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ChuckMC8
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« Reply #5 on: October 01, 2006, 05:04:05 PM »

If MCI used 12V head light bulbs in series on a 24V system, why canít I used two 12 LED lights in series on a 24v system?

Tom, you can, but if one bulb blows, you wouldn't have any headlights.
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« Reply #6 on: October 01, 2006, 05:20:30 PM »

OMS, as long as the 12 volt LED fixtures that you're putting in series are identical, it'll work fine.  And they don't usually blow out so you won't have anything to worry about
G
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1962 Crown
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« Reply #7 on: October 01, 2006, 06:38:31 PM »

Your Question:

[If MCI used 12V head light bulbs in series on a 24V system, why canít I used two 12 LED lights in series on a 24v system?]

I just replaced a sealed low beam headlight in my mci and the other one was still lit.....

MCI uses a dedicated 12v curcuit for the headlights.

As far as the LED's, I purchaced the correct size marker led's in 24v from IBP.  and for backup, I just baught a couple extras.

Nick-
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DavidInWilmNC
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« Reply #8 on: October 01, 2006, 06:54:11 PM »

Your Question:

[If MCI used 12V head light bulbs in series on a 24V system, why canít I used two 12 LED lights in series on a 24v system?]

I just replaced a sealed low beam headlight in my mci and the other one was still lit.....

MCI uses a dedicated 12v curcuit for the headlights.

Actually, many older MCI's did not have 12 volt headlights from the factory.† There was a service bulletin (not sure exactly what it's called) some years back for converting them to run in series.† Mine are like this.† There's a couple of big diodes in the compartment below the driver's seat and a wire in the driver's control panel that connects to the 12 volt center tap ONLY to keep the remaining bulb lit when one burns out.† Luckily, there's a big '12V' stamped on my headlight bezel, else I wouldn't have known that they were converted.

David
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buswarrior
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« Reply #9 on: October 01, 2006, 10:28:21 PM »

Hello.

Back when this LED tailight stuff got started....

Some of the offerings were purported to be able to handle a wide voltage span, 5 to 30 volts.

Now when new stuff comes out, it often has a ton of over-engineering in it, then the sales take off, and then they engineer it down to cheaper production....

I do know of a set of Dialight 7" red stop/tail lights, rated for 12 volts, that have been running without apparent problem for quite some time on 24 volts in an MC8.

Plumbing an incandescent bulb in line defeats the whole purpose of the LED lighting: dramatically lower power consumption and phenomenally longer lifespan.

For those of us who are all thumbs when it comes to electronics, the use of two 12 volts LED fixtures in series sounds like a GREAT idea and easily done by many more of us less skilled with the solder gun...

Adding more lighting to the rear isn't a bad thing, fer shure!

happy coaching!
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« Reply #10 on: October 02, 2006, 01:29:59 PM »

So, just to clarify, two 12V LEDs in series powered by 24V will work fine, as long as they are identical bulbs and one does not burn out; right?  I will not have violated Mr. Ohm and my bus wil not turn into a smoldering pile of metal and rubber.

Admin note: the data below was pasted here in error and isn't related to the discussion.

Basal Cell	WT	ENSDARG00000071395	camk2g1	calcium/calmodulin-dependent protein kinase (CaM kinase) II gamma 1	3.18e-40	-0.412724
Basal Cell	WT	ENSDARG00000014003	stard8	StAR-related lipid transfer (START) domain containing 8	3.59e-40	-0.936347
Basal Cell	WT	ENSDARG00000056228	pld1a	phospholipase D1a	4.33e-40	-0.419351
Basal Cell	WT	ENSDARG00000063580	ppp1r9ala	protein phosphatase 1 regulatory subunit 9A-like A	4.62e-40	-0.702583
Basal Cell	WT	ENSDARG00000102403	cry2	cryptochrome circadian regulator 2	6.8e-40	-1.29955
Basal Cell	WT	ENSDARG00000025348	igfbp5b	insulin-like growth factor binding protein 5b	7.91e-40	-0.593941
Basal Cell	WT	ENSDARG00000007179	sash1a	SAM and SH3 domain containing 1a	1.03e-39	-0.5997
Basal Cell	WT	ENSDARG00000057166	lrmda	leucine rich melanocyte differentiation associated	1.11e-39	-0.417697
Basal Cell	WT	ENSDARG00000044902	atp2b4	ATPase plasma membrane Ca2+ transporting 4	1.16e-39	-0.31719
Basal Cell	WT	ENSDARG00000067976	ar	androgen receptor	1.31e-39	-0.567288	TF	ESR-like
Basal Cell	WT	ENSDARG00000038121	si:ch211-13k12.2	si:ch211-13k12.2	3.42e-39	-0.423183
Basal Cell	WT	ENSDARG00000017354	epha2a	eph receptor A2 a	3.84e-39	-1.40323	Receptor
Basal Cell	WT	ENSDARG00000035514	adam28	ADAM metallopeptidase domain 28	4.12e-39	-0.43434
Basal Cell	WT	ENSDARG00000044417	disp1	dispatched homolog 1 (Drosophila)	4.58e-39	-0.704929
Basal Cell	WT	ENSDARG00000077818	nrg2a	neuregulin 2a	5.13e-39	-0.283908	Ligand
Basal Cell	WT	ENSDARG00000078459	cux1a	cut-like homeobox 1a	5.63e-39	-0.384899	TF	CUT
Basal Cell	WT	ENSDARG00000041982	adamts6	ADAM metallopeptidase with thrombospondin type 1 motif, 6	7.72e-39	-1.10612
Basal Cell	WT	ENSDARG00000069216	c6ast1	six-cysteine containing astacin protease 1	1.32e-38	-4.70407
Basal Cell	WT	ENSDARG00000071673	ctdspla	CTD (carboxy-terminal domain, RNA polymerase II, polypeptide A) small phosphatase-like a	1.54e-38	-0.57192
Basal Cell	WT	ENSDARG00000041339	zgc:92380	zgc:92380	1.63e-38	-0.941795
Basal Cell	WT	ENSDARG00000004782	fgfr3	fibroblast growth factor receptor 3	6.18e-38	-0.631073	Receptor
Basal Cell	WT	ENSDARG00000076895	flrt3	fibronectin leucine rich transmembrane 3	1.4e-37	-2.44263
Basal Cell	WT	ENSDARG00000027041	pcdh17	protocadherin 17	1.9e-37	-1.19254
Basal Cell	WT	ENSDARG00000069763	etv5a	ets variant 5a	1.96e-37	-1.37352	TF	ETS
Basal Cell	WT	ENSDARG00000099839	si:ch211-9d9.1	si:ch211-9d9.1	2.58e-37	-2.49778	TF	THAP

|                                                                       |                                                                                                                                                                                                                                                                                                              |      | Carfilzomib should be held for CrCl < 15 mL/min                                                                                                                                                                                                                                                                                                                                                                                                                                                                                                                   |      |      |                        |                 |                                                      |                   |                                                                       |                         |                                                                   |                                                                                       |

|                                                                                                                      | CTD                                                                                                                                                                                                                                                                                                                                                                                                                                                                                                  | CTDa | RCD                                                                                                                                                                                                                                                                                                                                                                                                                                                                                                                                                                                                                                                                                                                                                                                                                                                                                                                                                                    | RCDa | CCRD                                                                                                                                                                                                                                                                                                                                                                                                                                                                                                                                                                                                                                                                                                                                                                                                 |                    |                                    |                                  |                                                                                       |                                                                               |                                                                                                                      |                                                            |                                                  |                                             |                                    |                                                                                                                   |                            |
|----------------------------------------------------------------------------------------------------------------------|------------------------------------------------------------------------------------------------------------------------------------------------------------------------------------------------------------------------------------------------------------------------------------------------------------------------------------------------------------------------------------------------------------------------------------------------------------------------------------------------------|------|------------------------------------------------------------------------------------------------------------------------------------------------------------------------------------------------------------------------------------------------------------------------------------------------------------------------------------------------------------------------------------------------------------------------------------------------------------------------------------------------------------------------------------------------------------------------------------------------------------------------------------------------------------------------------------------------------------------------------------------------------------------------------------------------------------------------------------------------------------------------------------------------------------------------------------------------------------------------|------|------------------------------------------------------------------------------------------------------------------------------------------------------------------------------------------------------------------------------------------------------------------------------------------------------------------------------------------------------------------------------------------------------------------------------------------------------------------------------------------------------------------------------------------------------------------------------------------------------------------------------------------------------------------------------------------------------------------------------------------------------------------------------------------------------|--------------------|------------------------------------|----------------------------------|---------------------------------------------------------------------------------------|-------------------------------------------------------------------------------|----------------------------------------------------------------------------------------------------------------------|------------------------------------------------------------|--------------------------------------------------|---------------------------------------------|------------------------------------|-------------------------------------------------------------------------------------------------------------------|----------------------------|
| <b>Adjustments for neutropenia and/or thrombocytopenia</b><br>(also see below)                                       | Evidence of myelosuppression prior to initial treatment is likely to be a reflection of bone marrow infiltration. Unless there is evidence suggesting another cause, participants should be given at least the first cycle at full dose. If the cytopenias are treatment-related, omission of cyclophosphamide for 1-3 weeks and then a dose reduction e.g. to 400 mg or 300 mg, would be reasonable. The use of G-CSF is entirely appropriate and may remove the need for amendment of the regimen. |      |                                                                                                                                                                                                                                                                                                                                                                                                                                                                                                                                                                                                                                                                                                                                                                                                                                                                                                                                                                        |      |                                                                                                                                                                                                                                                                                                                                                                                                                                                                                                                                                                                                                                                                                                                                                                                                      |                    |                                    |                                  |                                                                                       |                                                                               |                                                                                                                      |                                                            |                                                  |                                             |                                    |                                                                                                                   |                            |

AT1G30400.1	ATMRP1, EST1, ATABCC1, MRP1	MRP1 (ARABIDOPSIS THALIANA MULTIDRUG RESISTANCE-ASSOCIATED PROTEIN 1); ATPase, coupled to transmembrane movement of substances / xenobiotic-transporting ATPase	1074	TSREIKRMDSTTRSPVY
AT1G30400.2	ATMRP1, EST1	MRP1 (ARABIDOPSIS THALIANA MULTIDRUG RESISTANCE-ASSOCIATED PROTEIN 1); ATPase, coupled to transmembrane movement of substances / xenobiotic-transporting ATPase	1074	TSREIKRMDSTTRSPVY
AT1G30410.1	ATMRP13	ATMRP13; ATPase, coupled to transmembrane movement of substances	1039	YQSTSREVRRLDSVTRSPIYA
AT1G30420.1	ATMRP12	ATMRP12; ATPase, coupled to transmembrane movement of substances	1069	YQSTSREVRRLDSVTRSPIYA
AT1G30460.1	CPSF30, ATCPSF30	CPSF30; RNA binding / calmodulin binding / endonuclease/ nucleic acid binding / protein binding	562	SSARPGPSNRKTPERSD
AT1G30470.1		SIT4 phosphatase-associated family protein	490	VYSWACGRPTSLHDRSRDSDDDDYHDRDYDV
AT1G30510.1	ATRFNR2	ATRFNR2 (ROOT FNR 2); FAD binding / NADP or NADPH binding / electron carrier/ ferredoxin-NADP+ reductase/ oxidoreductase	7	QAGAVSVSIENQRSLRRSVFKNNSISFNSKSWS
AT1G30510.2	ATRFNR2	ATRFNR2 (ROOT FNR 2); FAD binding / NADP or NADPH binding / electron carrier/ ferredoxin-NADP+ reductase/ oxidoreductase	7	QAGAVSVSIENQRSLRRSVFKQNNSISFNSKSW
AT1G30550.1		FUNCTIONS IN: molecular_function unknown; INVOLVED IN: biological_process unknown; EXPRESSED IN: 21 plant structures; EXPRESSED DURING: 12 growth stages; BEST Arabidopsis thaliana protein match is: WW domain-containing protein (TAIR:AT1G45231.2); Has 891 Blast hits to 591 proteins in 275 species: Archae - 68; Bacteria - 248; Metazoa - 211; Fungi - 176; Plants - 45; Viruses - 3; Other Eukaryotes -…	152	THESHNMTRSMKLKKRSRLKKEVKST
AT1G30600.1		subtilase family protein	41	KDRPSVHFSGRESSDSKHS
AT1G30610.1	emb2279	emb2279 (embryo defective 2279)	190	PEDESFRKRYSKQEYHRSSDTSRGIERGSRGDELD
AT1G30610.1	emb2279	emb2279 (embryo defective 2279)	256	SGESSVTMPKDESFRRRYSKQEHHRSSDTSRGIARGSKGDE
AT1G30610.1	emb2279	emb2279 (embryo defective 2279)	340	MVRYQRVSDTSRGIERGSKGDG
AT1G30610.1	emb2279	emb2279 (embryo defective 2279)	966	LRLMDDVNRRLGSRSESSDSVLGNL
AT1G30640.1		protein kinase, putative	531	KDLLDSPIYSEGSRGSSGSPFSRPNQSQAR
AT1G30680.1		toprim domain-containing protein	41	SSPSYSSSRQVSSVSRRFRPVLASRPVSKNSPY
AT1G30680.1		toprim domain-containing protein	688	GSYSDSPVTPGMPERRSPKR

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« Reply #11 on: October 02, 2006, 03:06:25 PM »

You are absolutely, positively 100% correct. Based on the extremely long life of the LED's, one will probably not burn out in your lifetime of use.
Richard

So, just to clarify, two 12V LEDs in series powered by 24V will work fine, as long as they are identical bulbs and one does not burn out; right?† I will not have violated Mr. Ohm and my bus wil not turn into a smoldering pile of metal and rubber.
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« Reply #12 on: October 03, 2006, 05:26:53 AM »

Well, maybe....

I did exactly this with Maxxum truck LED clearance lights. I had to modify the light to add a ground wire, pretty simple and straight forward. I'm now rebuilding them, removing their guts and putting in my own board of LEDs and resistors becasue nearly every one has had individual and/or complete sets of the LEDs burn out. My suspicion is it has something to do with putting them in series, but I can't prove it because the voltages and currents are all valid.

Maybe Maxxum lights are just crap!

craig
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Craig Shepard
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« Reply #13 on: October 03, 2006, 06:00:42 AM »

Just when I thought it was safe to go to LEDs................

You have to confuse me with FACTS!!!!! LOL
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« Reply #14 on: October 03, 2006, 06:14:52 AM »

Yeah, I know.  I'm just a troublemaker.....

Now, if I were to do it again, I'd buy the standard 12 volt LEDs (which I did) and I'd install them using the tail light signal coming off my toad relay board (http://www.gumpydog.com/bus/MC9_WIP/Electrical/Tail_Light_Converter/tail_light_converter.htm) to power them. Unfortunately, I have so many burned out, that it makes more sense to repair them than it does to buy new ones, and since I'm building my own guts, I might as well make them 24 volt compatible.

BTW, of all the LED lights I've built for my bus, not one single LED has burned out. Must have done something right, contrary to some opinions when I initially built them.

Oops, that's not entirely accurate. I do have a couple LEDs in one side light that I accidently shorted when I was showing them off, and I also have a string in one of my porch lights that are not working. Again, probably shorted against the bus sides as the clearance behind them is pretty tight.

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Craig Shepard